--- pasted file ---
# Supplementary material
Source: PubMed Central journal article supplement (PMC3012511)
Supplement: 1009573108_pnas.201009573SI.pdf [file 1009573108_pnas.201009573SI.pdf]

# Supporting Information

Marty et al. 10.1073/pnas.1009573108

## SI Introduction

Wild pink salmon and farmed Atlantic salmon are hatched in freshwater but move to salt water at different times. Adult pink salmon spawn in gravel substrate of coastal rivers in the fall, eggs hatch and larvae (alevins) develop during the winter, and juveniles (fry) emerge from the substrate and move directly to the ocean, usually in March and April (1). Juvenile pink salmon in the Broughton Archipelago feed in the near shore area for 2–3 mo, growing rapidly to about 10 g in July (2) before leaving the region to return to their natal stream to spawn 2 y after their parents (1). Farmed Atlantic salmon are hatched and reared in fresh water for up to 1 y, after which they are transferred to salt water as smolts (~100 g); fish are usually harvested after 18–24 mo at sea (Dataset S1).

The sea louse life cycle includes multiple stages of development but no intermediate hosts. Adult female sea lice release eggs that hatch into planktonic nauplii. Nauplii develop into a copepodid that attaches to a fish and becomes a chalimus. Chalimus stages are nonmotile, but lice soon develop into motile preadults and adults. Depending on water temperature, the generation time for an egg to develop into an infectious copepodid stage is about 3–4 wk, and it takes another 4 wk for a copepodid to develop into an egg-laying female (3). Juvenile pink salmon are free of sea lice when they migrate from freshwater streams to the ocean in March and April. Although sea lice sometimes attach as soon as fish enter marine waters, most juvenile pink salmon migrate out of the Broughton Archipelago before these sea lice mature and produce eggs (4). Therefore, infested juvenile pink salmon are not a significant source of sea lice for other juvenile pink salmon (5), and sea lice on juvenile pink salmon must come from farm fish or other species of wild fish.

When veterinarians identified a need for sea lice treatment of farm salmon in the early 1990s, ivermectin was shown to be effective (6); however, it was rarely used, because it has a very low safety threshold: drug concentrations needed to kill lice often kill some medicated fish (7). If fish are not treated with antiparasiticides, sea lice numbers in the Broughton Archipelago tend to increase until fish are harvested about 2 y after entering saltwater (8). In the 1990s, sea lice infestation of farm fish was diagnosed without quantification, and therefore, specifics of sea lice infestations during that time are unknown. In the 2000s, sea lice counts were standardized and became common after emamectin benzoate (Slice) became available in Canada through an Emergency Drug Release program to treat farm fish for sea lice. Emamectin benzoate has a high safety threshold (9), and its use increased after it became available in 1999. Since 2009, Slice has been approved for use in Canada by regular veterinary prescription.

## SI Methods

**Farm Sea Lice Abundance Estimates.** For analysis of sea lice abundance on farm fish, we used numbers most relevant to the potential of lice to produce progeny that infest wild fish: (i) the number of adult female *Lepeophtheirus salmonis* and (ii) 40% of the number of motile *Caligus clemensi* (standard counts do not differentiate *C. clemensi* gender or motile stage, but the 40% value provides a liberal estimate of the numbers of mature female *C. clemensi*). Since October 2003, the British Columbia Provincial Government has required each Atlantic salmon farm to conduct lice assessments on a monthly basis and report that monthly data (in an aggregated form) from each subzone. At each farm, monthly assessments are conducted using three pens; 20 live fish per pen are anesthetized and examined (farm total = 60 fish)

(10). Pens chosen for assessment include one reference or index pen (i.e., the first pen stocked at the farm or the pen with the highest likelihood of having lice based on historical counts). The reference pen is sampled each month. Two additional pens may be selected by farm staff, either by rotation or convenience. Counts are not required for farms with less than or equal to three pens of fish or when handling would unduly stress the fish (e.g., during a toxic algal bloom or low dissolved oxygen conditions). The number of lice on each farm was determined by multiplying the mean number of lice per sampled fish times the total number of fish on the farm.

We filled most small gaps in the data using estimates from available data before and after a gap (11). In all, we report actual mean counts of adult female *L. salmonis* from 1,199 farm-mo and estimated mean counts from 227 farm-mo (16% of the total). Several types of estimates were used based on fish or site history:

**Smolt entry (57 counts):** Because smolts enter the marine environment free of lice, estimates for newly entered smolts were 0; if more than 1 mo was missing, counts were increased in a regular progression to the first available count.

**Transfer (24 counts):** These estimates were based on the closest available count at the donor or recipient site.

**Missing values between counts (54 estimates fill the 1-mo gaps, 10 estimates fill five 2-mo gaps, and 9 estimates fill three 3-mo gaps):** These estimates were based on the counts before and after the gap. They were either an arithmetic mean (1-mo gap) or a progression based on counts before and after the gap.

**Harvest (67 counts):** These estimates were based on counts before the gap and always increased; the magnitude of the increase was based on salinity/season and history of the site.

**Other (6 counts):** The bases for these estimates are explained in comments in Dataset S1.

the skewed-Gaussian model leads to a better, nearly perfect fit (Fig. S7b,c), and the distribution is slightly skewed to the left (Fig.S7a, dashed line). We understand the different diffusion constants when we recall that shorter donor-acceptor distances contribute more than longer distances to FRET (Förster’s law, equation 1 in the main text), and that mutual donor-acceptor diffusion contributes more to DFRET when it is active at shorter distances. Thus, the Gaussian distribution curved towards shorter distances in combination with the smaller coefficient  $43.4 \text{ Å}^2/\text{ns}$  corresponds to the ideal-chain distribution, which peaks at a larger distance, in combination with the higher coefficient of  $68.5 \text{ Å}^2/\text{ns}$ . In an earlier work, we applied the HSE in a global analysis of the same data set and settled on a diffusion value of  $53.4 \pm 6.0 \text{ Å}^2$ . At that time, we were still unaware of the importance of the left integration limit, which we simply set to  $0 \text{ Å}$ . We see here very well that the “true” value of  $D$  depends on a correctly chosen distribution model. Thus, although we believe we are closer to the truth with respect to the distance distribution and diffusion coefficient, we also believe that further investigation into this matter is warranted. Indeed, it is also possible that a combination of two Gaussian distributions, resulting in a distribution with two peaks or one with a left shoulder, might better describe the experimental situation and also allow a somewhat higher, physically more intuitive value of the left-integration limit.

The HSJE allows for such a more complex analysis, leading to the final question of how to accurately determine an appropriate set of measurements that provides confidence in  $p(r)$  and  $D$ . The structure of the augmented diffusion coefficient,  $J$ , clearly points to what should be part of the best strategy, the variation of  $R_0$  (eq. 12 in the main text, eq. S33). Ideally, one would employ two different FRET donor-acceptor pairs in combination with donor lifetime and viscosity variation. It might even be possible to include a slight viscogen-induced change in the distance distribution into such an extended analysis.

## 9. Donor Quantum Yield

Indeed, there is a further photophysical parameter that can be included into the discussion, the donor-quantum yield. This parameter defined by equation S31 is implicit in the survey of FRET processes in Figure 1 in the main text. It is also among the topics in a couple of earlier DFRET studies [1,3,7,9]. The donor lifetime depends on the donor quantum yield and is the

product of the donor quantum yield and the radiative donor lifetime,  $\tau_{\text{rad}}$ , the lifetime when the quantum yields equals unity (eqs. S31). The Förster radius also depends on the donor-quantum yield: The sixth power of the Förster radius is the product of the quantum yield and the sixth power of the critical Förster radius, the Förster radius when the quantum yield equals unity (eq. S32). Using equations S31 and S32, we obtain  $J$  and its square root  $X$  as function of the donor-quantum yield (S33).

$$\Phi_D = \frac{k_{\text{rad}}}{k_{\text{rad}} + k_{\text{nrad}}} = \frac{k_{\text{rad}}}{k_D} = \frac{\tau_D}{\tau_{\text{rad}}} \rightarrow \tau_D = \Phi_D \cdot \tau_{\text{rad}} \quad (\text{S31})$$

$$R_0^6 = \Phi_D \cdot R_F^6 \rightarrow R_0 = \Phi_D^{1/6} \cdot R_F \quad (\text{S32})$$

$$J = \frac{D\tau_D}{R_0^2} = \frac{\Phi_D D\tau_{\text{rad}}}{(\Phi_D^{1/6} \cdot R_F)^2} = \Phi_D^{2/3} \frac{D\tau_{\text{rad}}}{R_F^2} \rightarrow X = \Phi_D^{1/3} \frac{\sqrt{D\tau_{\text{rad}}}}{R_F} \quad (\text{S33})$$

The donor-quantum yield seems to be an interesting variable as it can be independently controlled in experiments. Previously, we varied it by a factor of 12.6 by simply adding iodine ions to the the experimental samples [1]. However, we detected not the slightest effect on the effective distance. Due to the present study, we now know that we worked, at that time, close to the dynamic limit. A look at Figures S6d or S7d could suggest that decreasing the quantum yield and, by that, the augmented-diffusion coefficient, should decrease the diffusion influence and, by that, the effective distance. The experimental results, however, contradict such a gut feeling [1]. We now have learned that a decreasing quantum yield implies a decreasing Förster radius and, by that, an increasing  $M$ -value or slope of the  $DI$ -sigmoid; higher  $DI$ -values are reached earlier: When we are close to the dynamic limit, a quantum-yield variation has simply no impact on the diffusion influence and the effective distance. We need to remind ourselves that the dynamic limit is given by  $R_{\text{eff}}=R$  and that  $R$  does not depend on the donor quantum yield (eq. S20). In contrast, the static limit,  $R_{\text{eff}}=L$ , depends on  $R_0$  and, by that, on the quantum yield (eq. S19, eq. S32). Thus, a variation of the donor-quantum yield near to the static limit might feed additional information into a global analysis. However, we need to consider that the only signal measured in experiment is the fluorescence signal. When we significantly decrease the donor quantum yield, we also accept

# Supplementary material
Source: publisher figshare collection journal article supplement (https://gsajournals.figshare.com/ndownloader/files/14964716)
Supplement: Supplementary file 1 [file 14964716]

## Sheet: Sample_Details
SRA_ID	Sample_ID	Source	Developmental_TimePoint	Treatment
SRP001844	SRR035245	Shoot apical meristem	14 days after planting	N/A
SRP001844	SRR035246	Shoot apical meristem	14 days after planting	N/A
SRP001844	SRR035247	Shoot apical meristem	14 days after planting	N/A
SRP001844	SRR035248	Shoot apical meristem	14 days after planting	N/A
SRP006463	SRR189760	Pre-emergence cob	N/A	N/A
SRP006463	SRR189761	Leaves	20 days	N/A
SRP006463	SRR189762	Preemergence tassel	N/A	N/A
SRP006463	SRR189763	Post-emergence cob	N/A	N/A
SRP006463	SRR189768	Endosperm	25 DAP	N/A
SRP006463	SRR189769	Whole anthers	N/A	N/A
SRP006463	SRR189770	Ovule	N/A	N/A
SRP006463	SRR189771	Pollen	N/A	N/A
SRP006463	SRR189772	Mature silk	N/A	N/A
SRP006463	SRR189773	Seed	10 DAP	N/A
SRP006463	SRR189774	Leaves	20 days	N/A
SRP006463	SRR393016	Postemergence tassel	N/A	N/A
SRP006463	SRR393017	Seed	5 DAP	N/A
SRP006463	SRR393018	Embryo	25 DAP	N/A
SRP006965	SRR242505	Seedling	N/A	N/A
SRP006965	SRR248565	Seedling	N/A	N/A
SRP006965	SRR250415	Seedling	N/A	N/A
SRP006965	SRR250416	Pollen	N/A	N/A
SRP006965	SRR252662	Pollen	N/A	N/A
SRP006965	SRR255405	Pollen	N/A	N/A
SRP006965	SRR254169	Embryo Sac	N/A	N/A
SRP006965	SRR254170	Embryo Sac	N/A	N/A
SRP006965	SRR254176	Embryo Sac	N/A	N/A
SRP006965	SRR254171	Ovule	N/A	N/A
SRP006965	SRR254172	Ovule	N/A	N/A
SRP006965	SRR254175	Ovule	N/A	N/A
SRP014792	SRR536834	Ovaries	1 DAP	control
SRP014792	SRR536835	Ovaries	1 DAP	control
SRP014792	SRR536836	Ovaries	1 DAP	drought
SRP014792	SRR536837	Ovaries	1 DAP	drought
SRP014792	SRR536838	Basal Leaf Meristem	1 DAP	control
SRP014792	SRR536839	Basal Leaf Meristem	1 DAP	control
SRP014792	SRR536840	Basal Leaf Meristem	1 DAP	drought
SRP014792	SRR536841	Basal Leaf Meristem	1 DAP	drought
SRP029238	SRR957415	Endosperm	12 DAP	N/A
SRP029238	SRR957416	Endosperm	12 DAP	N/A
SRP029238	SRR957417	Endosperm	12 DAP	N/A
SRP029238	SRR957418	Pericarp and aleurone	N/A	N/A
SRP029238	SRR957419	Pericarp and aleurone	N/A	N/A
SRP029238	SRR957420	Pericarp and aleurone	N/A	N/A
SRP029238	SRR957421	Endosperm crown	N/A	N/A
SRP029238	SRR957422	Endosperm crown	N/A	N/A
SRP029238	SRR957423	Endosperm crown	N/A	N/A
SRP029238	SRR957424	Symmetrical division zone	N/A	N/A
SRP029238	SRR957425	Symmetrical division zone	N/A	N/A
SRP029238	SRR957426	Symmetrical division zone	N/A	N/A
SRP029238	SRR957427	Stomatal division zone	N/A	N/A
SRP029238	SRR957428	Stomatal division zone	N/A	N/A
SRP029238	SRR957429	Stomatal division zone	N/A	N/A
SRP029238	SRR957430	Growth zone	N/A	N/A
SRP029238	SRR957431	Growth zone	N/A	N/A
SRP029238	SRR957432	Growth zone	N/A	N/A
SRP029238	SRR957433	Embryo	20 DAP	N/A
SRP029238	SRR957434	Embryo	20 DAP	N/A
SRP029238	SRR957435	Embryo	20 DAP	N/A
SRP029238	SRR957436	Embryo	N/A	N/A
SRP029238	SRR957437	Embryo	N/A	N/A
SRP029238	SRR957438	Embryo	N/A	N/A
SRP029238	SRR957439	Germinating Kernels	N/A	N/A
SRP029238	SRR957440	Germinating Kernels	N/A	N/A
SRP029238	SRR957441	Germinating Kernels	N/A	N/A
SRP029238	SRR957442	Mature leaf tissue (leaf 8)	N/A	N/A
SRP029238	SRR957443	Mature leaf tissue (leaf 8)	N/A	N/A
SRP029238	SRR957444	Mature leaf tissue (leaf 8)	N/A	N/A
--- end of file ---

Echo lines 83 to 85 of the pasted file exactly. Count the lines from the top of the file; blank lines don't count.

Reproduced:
SRP029238	SRR957427	Stomatal division zone	N/A	N/A
SRP029238	SRR957428	Stomatal division zone	N/A	N/A
SRP029238	SRR957429	Stomatal division zone	N/A	N/A